How I came to appreciate the Hudson River School of art

August 30, 2009
Jessica DuLong profile photo
Jessica DuLong

“Drawn by New York: Six Centuries of Watercolors and Drawings at the New-York Historical Society,” presents 81 drawings and watercolors from the mid-16th century to the present, with subjects including natural scenery, original settlements and citizenry as well as historical events, including the terrorist attacks on the World Trade Center on Sept. 11, 2001. The show will be up at Vassar College’s Frances Lehman Loeb Art Center through Nov. 1.

My own appreciation of the Hudson River School artists came through falling for the Hudson itself. When I found myself missing the river on a cold, rainy day in February, I decided to look for it among the paintings at the New-York Historical Society.

Standing in a warm gallery, I caught myself shivering before a painting: Winter Twilight Near Albany, NY (1858). “It was the depth of winter and it struck me that I had never seen a winter landscape painted just as I saw it,” George Henry Boughton said about his piece. So he gathered his oil paints and crunched over the hard-crusted snow. Then, with cold-cramped hands, he captured the scraggly, leafless branches, the dry grasses and rocks poking through the frozen white, the stillness of the river in its dormancy—its wintertime quiescence. Having worked on the fireboat’s engines in that kind of cold, I could picture him painting until his fingers stopped functioning—until he had to paw his brushes with frozen digits clamped together for warmth.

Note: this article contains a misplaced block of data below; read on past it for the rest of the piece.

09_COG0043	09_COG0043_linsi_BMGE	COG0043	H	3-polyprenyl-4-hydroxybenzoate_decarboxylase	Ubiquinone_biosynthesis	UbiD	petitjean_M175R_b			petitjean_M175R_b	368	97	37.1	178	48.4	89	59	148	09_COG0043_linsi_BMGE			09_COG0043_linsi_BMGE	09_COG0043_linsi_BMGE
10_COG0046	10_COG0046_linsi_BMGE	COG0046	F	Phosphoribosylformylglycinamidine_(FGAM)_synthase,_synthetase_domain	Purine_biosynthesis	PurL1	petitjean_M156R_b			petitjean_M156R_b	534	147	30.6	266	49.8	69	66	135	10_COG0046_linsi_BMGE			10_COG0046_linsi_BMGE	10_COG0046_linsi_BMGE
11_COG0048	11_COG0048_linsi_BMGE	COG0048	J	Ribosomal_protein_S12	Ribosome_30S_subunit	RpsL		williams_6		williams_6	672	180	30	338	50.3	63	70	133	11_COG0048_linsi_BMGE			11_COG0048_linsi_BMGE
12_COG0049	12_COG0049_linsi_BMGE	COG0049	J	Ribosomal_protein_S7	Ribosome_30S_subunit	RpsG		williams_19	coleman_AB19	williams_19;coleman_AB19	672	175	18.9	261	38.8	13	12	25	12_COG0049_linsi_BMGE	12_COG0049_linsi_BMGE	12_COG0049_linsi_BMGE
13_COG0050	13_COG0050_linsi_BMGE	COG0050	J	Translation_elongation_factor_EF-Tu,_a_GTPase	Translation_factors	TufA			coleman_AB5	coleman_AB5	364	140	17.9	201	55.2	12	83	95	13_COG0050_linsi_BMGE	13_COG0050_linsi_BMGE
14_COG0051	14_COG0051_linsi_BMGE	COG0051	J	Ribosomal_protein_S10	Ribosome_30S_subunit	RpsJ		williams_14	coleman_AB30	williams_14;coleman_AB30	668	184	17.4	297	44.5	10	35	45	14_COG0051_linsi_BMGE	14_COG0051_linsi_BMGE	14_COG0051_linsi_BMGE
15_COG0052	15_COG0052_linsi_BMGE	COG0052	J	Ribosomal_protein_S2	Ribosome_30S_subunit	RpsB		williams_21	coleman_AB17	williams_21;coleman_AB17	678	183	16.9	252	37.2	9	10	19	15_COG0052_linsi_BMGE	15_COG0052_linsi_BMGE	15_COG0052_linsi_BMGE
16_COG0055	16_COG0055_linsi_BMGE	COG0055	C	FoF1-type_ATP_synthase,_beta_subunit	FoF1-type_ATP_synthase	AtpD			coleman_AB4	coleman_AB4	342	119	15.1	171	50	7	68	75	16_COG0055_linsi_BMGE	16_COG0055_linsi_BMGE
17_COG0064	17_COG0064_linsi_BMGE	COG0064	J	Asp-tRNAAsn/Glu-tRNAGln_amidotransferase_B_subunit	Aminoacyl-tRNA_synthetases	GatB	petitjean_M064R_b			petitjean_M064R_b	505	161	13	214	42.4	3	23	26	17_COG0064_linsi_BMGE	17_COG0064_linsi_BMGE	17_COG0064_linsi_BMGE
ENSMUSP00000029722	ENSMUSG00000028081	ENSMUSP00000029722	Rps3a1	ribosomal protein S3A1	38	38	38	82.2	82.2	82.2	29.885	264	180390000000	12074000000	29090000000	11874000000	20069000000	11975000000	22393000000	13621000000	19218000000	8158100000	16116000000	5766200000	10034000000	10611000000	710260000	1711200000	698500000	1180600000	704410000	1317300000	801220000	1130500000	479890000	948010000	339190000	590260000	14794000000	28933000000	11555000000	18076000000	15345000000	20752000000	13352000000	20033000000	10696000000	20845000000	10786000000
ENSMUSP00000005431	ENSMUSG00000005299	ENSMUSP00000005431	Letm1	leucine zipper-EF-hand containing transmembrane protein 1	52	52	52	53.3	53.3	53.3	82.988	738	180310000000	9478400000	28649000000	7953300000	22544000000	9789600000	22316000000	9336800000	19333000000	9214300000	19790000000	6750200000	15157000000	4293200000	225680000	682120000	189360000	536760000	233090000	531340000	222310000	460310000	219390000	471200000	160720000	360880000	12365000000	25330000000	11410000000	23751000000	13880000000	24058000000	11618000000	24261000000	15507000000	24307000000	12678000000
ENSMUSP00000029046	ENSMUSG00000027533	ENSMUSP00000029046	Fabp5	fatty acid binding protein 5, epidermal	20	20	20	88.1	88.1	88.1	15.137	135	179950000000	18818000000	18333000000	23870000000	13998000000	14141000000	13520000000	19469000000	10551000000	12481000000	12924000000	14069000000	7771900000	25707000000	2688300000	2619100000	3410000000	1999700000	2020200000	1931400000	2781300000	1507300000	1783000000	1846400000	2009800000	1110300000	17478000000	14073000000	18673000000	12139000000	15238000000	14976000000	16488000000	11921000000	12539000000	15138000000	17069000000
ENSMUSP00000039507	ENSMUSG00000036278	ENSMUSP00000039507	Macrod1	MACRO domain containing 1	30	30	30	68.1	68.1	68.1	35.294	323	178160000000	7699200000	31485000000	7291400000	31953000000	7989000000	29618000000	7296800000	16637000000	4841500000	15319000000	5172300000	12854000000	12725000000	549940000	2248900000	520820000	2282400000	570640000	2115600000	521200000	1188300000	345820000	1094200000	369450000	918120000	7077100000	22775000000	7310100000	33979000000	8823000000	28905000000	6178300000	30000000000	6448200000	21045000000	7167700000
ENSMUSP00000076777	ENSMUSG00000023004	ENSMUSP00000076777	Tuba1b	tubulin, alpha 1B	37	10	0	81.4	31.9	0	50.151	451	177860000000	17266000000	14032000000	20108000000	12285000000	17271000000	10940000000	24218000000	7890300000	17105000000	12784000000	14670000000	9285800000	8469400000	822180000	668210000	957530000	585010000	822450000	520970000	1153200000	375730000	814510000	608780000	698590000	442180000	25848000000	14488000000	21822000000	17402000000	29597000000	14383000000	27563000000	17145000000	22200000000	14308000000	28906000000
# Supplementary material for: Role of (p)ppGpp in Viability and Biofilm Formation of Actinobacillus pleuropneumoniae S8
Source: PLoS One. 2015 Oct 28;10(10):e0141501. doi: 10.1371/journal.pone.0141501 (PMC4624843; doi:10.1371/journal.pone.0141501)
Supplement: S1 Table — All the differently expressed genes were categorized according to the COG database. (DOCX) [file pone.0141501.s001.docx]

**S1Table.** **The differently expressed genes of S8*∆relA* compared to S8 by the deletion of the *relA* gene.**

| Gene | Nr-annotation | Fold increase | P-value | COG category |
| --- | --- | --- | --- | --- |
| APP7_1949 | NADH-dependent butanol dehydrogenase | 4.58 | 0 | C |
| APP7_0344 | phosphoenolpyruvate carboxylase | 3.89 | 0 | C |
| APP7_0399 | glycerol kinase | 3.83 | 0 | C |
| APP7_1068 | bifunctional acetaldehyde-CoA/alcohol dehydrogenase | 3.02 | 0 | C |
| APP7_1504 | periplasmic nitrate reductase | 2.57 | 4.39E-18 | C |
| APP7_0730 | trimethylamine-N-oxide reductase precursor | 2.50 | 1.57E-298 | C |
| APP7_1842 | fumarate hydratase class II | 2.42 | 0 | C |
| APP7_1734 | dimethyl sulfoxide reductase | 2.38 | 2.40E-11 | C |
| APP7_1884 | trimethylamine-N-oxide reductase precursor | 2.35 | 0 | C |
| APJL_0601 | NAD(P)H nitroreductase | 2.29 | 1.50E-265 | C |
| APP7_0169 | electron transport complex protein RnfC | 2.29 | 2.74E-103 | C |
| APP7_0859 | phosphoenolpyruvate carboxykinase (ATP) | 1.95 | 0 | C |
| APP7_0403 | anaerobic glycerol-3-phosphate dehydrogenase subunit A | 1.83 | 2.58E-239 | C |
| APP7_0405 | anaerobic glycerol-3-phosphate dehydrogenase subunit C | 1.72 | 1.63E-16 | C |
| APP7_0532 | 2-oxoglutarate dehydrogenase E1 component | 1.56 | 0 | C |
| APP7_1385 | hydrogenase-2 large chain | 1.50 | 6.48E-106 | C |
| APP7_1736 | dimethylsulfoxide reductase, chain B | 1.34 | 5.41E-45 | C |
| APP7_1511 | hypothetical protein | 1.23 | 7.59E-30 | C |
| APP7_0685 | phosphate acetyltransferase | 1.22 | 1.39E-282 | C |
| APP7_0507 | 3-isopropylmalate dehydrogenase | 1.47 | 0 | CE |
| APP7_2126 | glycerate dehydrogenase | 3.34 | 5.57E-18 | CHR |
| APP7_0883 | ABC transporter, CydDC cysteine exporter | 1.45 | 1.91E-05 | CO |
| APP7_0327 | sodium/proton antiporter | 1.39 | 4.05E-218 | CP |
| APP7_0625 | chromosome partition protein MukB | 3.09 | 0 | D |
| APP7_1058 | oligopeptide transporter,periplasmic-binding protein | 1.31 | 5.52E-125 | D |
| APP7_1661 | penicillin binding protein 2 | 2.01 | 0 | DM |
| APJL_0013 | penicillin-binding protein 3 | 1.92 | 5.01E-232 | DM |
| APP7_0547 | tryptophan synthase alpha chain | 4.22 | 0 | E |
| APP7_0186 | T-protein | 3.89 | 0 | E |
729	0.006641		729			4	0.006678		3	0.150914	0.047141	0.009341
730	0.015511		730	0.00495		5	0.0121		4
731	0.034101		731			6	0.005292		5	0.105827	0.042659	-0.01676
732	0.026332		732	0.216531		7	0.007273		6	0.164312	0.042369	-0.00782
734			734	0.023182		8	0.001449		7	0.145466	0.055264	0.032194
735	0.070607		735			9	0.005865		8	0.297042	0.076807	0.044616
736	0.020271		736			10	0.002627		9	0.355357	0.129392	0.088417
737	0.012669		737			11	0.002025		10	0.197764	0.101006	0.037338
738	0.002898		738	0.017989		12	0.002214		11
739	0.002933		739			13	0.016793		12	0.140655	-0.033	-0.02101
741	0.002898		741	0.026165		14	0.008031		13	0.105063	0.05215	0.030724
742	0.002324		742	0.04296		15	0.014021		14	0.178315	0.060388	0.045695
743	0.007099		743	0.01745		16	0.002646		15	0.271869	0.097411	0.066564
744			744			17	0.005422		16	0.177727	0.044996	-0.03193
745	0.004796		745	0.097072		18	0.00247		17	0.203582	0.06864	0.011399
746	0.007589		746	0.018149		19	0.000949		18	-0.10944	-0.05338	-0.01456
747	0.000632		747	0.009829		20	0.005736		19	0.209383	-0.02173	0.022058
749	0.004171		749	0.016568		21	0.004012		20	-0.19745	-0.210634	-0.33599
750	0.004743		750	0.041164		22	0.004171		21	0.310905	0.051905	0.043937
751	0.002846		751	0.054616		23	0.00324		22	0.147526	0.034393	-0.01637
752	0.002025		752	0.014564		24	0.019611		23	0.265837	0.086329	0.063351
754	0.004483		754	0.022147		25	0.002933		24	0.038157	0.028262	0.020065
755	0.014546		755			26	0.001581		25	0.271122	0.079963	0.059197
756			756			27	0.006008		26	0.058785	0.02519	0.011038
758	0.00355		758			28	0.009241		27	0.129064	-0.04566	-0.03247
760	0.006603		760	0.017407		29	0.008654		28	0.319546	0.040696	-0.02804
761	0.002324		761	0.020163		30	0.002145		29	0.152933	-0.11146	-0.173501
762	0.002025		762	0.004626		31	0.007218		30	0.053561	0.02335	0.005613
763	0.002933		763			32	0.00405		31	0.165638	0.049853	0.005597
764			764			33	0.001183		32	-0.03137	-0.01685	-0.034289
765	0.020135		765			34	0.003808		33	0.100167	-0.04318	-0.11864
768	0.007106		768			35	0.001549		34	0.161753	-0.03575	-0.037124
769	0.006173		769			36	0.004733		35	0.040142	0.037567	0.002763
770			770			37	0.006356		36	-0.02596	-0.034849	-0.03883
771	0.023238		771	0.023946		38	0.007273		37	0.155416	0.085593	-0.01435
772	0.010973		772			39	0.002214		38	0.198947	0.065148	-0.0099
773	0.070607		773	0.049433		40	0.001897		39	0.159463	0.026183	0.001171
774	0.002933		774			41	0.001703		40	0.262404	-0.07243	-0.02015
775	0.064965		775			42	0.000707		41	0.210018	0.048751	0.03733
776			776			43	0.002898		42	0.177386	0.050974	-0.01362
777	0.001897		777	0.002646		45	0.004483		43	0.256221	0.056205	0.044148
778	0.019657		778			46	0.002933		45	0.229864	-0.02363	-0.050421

Photo: Nicolino Calyo’s gouache of the great fire of 1835. The fire, which destroyed much of Lower Manhattan, was sketched the same night.